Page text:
in coastal regions and in small islands
Coastal region and small island papers 11
‘People have to be informed of the connections between their interests and the preservation of their natural heritage from generation to generation rather than from day to day. In today’s parlance: What does coastal stewardship have to do with me?’
is the transmission of data or information from one actor to another. One can
attempt to communicate by sending a message or a piece of information, or by
sharing a thought with someone. Such an act satisfies the definition of
‘communication’, provided there is reasonable assurance that the message has
been received. All communication should have a purpose and the degree to which
this purpose has been satisfied determines the success or failure of the
an intersectoral workshop ‘Towards Wise Coastal
Development Practices’ convened at UNESCO, Paris, in 1998 (UNESCO,
2000a), wise coastal practices were defined (see Chapter
1). Sixteen characteristics of wise coastal practices for sustainable human
development were proposed. These have been subsequently modified and are
included in Annex VII. One of these characteristics relates directly to
and efficient communication process: a
multidirectional communication process involving dialogue, consultation and
discussion is needed to attain awareness.
of the characteristics relates to one specific aspect of communication, namely
documentation. Documentation: The activity and the lessons learnt have
been well documented.
effective and efficient communication is recognized as one of the very
important, indeed essential, characteristics of wise coastal practices.
best forms of communication are those that achieve interactivity, encourage
feedback and maintain a two-way flow, so that the message is influenced and
informed by the views of the recipient, thus allowing a dialogue to replace a
monologue. The essence of dialogue is that there are two targets, and it is
important that each target listen to the other.
too many conflicts and failed projects can be traced back to a lack of effective
communication. For instance, in the Maldives, marine
protected areas have not worked well, mainly because of inadequate stakeholder
consultation and the perception that such marine protected areas provide for
conservation only and not extraction.
Methods of communication
James Julien of the Morne
fisherman at Batalie Beach,
Dominica, talks with islanders from the
Turks and Caicos Islands in the
Caribbean, the Maldives in the Indian
Ocean, and Palau in the Pacific. 2001
proactive involvement of masses of citizens in coastal stewardship involves a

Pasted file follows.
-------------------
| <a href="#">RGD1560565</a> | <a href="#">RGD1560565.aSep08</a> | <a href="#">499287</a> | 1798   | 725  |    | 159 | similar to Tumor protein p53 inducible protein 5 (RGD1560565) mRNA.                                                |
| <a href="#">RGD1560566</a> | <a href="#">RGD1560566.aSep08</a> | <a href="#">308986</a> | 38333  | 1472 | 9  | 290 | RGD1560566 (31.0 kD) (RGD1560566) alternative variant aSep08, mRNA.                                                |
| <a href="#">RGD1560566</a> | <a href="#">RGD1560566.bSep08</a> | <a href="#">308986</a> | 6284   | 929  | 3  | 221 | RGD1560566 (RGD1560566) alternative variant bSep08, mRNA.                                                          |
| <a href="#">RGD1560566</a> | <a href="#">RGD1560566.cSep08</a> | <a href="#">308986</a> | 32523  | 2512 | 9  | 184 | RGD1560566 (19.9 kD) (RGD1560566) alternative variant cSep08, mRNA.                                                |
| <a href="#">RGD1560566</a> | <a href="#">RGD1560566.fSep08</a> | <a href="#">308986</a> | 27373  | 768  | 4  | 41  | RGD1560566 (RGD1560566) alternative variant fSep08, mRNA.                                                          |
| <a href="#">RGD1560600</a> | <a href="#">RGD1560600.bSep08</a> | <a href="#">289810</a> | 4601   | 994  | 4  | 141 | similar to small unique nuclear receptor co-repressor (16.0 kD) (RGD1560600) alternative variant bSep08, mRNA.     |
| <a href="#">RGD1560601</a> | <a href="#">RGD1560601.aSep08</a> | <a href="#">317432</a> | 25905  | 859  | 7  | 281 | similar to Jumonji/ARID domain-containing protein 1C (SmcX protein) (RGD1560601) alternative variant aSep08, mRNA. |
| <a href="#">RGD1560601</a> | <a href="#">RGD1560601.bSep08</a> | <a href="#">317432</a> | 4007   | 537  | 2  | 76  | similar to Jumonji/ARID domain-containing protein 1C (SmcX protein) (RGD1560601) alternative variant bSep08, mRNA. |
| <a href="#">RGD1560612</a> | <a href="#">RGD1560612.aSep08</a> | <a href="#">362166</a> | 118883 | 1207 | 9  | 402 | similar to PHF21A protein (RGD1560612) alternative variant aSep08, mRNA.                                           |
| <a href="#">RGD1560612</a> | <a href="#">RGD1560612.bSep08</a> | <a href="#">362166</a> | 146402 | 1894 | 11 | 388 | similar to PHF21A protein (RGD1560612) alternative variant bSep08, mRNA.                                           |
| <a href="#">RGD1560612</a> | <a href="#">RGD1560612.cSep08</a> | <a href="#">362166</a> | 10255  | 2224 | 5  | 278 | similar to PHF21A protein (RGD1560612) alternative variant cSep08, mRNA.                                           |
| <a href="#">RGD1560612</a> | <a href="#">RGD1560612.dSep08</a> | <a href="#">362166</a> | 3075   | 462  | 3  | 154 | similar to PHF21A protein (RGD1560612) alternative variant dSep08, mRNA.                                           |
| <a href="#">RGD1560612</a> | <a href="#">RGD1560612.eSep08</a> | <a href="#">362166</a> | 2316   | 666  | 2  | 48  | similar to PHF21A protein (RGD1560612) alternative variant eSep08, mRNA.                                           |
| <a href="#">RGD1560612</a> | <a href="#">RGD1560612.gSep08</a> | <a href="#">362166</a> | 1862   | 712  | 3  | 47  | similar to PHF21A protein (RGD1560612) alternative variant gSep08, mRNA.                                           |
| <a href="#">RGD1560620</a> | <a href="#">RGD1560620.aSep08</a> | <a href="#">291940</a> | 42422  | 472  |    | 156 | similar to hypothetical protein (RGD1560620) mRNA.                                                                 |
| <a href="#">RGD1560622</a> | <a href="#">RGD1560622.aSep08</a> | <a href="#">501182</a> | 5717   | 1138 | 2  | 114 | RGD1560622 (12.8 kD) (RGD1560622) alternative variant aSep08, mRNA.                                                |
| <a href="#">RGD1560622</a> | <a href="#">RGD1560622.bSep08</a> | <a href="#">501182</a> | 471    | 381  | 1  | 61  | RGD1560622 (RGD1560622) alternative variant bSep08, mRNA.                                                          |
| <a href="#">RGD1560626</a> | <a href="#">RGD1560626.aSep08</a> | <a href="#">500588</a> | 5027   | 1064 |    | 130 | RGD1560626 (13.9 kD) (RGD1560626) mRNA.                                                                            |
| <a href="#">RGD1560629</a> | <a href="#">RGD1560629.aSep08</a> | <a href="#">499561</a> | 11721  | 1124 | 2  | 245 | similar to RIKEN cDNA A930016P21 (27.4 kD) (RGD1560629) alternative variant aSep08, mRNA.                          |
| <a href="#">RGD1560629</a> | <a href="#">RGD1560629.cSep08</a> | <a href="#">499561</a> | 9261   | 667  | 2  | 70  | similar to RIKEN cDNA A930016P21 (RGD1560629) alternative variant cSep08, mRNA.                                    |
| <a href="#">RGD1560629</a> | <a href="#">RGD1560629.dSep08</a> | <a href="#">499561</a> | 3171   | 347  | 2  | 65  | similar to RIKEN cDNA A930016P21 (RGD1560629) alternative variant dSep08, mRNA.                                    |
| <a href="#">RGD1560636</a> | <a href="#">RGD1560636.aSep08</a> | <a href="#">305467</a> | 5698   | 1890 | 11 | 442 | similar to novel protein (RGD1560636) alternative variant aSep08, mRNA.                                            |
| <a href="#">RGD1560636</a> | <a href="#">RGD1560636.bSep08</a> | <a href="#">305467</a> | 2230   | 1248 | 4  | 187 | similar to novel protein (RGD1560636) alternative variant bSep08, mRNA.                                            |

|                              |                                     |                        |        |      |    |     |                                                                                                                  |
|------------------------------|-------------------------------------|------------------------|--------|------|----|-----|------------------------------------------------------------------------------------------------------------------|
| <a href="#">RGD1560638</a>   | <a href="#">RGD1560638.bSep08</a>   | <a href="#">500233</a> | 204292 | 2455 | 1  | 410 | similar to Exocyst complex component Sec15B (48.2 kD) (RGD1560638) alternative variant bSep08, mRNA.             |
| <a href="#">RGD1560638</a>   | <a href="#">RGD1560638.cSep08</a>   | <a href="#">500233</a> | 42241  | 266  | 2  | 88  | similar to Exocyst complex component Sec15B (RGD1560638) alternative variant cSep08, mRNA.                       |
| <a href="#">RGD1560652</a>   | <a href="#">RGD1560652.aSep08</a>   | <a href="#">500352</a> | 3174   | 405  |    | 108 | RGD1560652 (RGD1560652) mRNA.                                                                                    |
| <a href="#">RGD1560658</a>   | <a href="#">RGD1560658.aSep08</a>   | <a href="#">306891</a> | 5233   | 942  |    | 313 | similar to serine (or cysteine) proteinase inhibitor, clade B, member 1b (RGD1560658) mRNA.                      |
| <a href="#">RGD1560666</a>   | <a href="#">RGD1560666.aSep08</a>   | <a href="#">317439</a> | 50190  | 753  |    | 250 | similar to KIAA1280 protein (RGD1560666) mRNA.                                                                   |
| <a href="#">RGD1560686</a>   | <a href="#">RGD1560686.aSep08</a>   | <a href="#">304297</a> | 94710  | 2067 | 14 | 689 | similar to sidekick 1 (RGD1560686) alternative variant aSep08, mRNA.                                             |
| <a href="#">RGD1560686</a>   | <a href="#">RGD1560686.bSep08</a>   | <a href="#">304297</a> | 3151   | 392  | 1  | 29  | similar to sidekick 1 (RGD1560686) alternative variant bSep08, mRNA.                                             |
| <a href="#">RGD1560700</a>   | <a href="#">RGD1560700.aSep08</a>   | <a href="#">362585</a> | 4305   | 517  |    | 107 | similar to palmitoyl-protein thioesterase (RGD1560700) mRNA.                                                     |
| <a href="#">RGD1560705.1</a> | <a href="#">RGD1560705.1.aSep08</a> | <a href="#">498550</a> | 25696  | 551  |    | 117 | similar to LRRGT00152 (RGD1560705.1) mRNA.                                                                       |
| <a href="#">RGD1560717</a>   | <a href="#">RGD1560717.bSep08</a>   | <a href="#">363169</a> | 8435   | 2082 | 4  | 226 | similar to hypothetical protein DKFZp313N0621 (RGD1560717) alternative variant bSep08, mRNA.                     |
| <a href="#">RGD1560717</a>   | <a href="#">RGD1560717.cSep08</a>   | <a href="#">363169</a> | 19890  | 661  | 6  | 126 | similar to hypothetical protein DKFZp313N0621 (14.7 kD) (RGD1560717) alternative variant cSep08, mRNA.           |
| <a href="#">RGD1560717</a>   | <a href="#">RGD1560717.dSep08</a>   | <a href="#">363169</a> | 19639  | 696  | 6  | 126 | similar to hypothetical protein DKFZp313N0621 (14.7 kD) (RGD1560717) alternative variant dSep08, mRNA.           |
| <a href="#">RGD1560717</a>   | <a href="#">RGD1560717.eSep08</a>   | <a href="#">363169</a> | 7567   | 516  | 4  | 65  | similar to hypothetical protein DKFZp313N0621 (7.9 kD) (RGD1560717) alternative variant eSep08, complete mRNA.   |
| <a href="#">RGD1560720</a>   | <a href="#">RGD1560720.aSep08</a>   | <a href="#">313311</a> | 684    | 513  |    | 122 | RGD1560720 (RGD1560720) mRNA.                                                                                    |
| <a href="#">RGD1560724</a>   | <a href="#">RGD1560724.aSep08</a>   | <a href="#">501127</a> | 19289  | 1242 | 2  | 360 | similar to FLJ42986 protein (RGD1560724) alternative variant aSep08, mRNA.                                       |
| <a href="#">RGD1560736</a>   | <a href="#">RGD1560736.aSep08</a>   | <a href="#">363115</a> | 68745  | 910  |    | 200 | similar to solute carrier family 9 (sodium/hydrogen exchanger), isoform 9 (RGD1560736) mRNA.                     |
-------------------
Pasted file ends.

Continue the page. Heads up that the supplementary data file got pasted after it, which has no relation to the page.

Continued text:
step-by-step approach focused on the following elements:
message to be communicated.
targets of the messages.
medium to be used.
connection between new information and changed behaviour.
The evaluative mechanisms and the means by which interactive messages could be informed and influenced by feedback to increase levels of understanding and ownership in the strategies to be employed.
message and the targets of the message
actual content of the message is very important, and this will also be
determined by other factors, such as the medium to be used and the targets of
the message. For instance, in St Lucia, the Fisheries Department collects a
large amount of information and data which is very relevant to decision-making.
However, the politicians, not the Fisheries Department, are the decision-makers.
Thus there is a need to communicate information that is relevant and
understandable to these decision-makers. Photographs showing a beach before and
after a hurricane may be a much more effective means of communication than
complicated graphs and tables or even Geographical Information System maps.
too often research results are not communicated to stakeholders because the
research is not in a form that can be easily understood. In such cases there is
a need to present the material in a form such that all stakeholders can
senior decision-makers rarely attend workshop technical sessions, because of
time limitations and other commitments. Thus it is necessary to find alternative
means to reach these individuals. For instance, they often attend opening
ceremonies of workshops and training sessions, and this is an ideal time to get
key messages across in a short, succinct manner.
is therefore very important to define and focus on the nature of the message and
the target of the message, particularly when planning and implementing information dissemination activities.
role-playing different beach
stakeholders at a Sandwatch workshop
in St Lucia. 2001
many small islands, radio, and in particular community radio, may be the most
attractive conduit for getting the message out. Radio continues to be the most
widely occurring mass media instrument and has proven to be an excellent tool
for inclusiveness and wide accessibility. It also facilitates open discussions
that, when augmented by telephones and other communication and information
technologies, can include large numbers of people in exchanges of views and
sharing of information. A radio call-in programme on ‘Wise beach management
practices’ could be one way to start such a discussion. Such exercises can
help to develop consensus building, leading to action, which if sustained, can
influence the policies of the society.
methods have also proved successful in small islands. Popular theatre has been
useful in transmitting concepts about the forest in St Lucia. Videos have been
used effectively in Jamaica, and underwater videos of the coral reefs have made
communities much more aware of the problems. Site visits are another method.
During workshops for farmers and fishers in the OECS
islands, groups were taken to watersheds, and with no prior briefing, asked to